"Winter Timeshare" by Ray Nayler

This is a love story about Regina and Ilkay in which the gimmick is a high caste of which they are a low part being able to put their minds into other people's bodies to go for a ride, such as in winter (cheaper rates) in Istanbul. It deploys the gimmick and the milieu to address love, fanaticism; good, bad. That sort of thing.

This story is part of a micro-genre of "techno-possession" stories—I read at least four of them a couple of years ago. This one isn't the most striking of them. It is even more slowly and sedately narrated than the previous tale, only perking up momentarily for a splash-punch-stab fight "scene" and, of course, a brief climactic line prior to an extended denouement. It's not otherwise especially flawed, though, and will likely have its fans.

"The Catastrophe of Cities" by Lisa Goldstein

When Beth and Lila were kids, they stumbled into a network of odd houses (sort of like multiplied combos of van Vogt's The House That Stood Still and Heinlein's “—And He Built a Crooked House—”) but Beth and Lila grew apart and away from weird-house exploring and eventually Lila (the outgoing wild one) disappeared. Now middle-aged, Beth has decided to find out what happened.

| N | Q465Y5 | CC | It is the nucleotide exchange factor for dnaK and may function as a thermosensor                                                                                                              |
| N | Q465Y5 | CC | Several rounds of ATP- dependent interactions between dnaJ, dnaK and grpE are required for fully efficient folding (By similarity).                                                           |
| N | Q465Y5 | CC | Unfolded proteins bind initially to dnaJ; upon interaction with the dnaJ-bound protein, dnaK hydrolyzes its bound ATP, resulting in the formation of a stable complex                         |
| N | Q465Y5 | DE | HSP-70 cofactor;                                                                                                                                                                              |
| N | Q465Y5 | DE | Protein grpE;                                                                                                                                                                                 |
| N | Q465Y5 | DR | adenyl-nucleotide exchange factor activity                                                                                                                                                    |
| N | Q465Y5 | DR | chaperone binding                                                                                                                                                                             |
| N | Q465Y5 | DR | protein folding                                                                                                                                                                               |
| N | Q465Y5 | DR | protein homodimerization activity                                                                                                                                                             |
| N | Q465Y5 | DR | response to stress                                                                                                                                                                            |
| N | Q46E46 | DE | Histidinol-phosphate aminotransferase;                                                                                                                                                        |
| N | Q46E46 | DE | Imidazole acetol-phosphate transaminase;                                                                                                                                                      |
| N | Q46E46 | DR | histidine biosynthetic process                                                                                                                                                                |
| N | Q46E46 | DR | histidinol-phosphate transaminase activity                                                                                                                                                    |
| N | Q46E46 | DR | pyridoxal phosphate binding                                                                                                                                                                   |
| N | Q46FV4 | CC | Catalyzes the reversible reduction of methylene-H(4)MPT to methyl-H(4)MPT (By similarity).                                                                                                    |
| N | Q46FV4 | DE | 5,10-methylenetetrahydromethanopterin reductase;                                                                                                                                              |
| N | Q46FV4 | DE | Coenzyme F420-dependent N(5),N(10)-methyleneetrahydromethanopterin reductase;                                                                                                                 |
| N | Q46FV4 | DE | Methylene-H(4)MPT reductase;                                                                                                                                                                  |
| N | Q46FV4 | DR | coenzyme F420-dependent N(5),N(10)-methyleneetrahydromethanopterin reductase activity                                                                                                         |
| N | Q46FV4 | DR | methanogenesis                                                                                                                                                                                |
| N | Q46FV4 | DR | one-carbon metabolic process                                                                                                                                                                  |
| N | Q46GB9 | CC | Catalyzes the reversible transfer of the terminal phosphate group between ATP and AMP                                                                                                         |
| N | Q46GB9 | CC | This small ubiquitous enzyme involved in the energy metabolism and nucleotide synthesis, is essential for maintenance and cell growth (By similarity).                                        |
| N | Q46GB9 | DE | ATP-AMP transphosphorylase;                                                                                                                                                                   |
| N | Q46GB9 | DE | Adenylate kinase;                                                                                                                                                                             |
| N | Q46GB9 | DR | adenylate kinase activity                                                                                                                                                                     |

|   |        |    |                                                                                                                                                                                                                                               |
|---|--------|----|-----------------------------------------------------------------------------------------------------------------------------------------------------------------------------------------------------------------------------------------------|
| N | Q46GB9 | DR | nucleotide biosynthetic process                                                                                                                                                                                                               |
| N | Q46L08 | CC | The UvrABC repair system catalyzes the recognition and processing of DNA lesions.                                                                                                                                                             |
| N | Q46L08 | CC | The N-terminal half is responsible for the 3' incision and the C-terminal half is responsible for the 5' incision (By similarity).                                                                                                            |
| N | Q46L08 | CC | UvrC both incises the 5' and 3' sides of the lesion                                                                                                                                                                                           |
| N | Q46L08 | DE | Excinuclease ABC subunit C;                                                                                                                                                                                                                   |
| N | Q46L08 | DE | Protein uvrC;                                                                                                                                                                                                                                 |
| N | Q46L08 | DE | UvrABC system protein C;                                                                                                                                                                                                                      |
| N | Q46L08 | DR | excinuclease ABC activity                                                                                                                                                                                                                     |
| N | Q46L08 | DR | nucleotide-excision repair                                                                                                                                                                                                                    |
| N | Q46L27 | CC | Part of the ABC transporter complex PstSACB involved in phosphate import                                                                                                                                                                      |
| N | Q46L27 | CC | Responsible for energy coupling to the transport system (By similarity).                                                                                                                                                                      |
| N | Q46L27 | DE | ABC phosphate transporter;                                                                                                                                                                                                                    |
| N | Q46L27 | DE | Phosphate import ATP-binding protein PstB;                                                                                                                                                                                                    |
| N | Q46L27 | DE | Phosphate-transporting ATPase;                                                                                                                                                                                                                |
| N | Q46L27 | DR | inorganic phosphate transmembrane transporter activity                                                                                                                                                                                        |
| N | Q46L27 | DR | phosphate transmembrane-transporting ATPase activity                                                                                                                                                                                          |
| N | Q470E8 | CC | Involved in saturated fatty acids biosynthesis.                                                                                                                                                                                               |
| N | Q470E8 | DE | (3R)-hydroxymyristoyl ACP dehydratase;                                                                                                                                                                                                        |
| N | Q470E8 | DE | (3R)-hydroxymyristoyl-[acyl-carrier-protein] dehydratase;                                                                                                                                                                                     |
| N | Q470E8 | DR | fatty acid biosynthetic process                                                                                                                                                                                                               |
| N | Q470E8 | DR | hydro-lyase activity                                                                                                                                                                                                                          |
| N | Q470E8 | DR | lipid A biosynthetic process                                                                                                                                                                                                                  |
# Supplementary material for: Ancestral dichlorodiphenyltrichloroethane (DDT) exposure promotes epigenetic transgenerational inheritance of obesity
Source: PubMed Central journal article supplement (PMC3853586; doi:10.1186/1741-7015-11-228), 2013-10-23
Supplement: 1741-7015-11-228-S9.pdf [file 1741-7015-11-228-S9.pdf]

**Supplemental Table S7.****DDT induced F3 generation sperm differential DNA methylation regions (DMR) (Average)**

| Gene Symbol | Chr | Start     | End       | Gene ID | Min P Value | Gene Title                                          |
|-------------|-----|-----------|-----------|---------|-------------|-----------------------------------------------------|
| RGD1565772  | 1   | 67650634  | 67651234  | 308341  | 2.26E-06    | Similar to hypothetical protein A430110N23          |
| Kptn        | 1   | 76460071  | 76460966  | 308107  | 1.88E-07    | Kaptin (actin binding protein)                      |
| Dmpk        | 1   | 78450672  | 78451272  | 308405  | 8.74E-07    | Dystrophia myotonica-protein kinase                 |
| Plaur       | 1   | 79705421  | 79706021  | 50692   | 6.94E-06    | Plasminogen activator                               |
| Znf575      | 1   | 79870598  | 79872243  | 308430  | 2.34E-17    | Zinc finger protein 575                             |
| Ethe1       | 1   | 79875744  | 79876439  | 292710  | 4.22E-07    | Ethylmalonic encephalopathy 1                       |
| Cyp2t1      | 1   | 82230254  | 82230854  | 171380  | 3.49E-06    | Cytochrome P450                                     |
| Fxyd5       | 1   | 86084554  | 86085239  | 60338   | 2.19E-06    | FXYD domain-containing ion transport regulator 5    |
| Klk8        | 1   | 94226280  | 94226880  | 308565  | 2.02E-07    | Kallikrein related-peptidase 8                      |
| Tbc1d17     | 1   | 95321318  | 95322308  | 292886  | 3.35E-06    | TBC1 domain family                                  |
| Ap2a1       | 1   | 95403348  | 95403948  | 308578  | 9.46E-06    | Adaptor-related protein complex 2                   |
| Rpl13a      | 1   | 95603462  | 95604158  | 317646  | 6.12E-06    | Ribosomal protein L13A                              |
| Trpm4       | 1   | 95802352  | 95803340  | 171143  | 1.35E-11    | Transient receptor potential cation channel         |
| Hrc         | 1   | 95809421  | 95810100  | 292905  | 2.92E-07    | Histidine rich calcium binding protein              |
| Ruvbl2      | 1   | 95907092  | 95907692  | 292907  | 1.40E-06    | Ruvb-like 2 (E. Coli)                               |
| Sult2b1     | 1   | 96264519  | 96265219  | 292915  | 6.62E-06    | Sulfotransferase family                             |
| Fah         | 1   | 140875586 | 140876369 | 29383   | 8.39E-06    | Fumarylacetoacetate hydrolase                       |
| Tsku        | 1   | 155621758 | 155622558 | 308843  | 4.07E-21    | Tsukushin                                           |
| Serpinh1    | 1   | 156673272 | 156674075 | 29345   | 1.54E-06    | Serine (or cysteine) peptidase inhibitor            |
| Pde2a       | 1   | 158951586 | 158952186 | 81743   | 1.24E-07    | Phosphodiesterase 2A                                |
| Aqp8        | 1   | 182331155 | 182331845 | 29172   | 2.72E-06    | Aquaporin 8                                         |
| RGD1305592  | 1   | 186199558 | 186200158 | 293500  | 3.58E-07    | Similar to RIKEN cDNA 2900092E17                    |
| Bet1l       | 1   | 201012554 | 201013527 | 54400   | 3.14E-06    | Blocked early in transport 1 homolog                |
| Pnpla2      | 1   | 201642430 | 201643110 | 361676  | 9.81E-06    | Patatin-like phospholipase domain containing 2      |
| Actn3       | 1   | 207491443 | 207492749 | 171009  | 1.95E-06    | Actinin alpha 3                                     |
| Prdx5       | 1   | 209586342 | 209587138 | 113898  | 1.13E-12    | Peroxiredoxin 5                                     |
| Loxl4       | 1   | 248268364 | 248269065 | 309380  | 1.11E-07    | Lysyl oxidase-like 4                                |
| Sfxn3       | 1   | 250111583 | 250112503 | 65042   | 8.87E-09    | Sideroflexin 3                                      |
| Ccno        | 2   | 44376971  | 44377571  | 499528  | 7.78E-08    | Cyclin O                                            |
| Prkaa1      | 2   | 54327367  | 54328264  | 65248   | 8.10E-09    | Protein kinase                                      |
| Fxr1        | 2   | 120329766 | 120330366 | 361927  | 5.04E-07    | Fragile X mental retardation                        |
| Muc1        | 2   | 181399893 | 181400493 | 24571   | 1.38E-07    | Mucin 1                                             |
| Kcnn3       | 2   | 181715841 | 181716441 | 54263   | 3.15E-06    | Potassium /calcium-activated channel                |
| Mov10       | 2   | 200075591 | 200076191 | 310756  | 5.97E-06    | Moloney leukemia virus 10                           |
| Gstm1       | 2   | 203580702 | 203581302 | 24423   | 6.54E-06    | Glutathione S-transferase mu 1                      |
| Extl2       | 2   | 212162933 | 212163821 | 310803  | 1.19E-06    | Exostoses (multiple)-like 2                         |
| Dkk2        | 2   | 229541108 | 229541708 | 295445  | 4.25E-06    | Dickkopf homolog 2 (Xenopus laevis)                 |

Much like the Purdom, this has glaring issues and excellences. I'm not normally into cutesy narrative gimmicks and this is a present-tense story and, while first-person, is addressed to "you" (which, is to say, Beth speaking like she's speaking to Lila). This almost works in the sense of a friend wanting to make her lost friend more immediate but leads to a lot of "As you know, Lila" and to frequent dissonances such as the description of a wild sequence of events, including Beth getting stuck in a magic door, being captivating through paragraphs of straight first-person, until it's ruined with "Finally you pushed me through and I fell to the other side." Further, the story starts with Beth wondering things she shouldn't be wondering given what she finds out by the end of the story. More importantly than any of this, the nature of the "city" in question will probably immediately occur to most readers but didn't occur to me until the description of a chess set, for some reason, and I immediately groaned and thought to myself, "She doesn't mean the city is actually [Spoiler], does she?" But it seems she is indeed going for the Great Cliche. That said, it was a fun, exhilarating novelette that had an energy the previous stories of this issue have been noticeably lacking and is in Goldstein's usually strong wheelhouse of contemporary urban semi-fantasy/semi-SF.